Wednesday, August 22, 2007

The End of an Era II: Elvis Has Left HO

 There is an e-mail circulating around to alumni of Bell Laboratories marking the end of an era and one of industry's great institutions.  Alcatel-Lucent announced the sale of the Holmdel (HO was our internal facility code) facility almost two years ago.  With the disintegration of Bell Laboratories and AT&T, the occupancy of HO decreased year after year.  Lucent Technologies (formerly Western Electric and AT&T Network Systems) ended up with the building during the trivestiture.  With Alcatel's purchase of Lucent, HO had maybe 1,000 occupants of the 5,000 it could hold.

imageFor those of use who roamed the halls of a vibrant HO under the Bell System, AT&T, or Lucent,  The Hofmann Gallery provides a stark reminder of how the mighty can fall.  The 180,000 square meter facility is an empty shell where many great innovations and products emanated.  I have many fond memories of my time there after graduate school.  I mingled with some of the industry's smartest minds while charting a course for Network Systems' entry into the global equipment marketplace.  HO was a post-graduate school as much as a place of employment for me.  I continued to learn and be nurtured by mentors with several decades of experience.  I learned not only about the telephone system and optical communications, but UNIX, data communications, undersea systems, and many other intellectual curiosities.  HO was our social gathering place in a time before My Space.  We gathered there to play softball and tag football in the evenings.  During the winter it was the meeting place for ski trips to Killington and Stowe.  Bob Lucky wrote an early eulogy on HO two years ago.  Shortly after that article we lamented on HO's and Lucent's fate.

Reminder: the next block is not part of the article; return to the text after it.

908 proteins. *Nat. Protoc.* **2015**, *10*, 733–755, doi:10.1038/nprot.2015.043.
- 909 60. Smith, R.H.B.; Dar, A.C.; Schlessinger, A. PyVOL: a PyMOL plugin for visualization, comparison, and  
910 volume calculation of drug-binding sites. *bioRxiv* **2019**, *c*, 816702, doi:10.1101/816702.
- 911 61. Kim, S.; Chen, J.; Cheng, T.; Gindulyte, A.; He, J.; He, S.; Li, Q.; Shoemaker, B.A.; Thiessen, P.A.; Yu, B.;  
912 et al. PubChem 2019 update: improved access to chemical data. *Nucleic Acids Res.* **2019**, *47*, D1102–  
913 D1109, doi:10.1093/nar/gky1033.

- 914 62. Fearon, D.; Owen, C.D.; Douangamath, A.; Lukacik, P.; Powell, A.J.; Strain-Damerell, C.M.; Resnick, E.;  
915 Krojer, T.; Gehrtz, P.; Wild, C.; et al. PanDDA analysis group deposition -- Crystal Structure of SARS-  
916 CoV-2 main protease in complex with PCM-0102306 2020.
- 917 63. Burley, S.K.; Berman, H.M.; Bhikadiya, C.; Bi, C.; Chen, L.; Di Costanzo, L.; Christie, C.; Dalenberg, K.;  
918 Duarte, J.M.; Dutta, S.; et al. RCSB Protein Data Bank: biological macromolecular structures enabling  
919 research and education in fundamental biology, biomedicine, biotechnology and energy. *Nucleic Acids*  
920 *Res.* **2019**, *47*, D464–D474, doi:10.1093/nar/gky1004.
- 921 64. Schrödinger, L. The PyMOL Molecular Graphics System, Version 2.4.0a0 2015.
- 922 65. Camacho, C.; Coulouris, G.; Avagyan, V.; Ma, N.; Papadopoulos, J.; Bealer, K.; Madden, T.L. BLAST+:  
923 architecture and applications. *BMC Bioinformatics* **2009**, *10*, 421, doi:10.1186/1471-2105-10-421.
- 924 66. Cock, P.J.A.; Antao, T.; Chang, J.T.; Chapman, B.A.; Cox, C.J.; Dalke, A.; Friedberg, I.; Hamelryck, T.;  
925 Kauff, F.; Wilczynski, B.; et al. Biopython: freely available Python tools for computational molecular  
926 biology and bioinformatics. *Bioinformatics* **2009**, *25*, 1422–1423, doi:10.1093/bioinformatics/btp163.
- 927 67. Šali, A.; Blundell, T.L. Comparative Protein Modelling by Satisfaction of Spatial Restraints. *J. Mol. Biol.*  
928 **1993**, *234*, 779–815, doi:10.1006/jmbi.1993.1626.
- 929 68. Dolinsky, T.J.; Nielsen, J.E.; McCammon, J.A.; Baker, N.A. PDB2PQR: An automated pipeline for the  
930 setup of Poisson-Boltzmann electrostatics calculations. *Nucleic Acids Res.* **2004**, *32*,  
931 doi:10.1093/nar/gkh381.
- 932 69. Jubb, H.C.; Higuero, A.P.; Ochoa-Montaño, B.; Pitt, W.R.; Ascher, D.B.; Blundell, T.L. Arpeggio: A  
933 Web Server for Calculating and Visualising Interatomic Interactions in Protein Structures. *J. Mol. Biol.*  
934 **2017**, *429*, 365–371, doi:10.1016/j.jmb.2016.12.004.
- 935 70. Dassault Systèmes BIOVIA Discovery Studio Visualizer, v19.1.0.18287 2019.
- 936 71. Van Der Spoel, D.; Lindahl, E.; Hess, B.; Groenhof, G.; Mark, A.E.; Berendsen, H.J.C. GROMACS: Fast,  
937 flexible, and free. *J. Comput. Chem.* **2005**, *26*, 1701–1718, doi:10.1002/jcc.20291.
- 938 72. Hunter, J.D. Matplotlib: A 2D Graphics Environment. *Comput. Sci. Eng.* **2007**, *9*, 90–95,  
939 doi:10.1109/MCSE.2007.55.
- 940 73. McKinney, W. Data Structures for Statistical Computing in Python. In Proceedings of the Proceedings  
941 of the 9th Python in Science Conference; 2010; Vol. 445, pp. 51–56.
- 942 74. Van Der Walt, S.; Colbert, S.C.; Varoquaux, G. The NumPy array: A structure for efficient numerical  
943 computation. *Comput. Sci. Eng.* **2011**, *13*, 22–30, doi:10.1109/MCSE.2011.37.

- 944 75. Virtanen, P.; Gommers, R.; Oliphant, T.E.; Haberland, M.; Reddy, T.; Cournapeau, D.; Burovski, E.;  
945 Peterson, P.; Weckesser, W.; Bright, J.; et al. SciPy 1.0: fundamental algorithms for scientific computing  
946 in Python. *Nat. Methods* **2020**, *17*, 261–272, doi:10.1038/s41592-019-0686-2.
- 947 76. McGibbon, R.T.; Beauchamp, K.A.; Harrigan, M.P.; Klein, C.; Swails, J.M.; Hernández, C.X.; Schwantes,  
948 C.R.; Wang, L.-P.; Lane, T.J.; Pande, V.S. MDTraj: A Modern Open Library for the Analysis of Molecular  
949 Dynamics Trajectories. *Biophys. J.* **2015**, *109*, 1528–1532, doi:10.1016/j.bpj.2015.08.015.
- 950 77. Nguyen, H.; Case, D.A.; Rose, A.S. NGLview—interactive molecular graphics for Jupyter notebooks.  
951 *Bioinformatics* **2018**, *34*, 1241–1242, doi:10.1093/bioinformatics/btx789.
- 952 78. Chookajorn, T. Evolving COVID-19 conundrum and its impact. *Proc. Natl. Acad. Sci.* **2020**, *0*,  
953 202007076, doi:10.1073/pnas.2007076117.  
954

While HO's passing and that of Bell Laboratories in general (I know that it still exists) is sad to those of us associated with them, other writers use this event as evidence in the passing of the great industrial research laboratories built at the beginning of the twentieth century.  Although Bell Labs, RCA Labs, GE, IBM, Westinghouse, Xerox, and others have faded, we now have companies like Google resurrecting the idea of a corporate lab.  Google reminds me in many ways of the Bell Labs of old.  The companies of the old research labs failed to stay relevant as the technology industry changed.  They were immersed in developing products based on perpetuating their dominance in the industry while nimble upstarts developed disruptive technologies that made the old guard obsolete.  What once took a whole department and a multimillion dollar budget to do at Bell Labs now can be done with a few people working out of their homes.

While the site of that stately glass and steel building sitting empty saddens its alumni, it is a reminder of the cyclical nature of business and the necessity for constant disruption.  Innovation alone cannot guarantee survival. 

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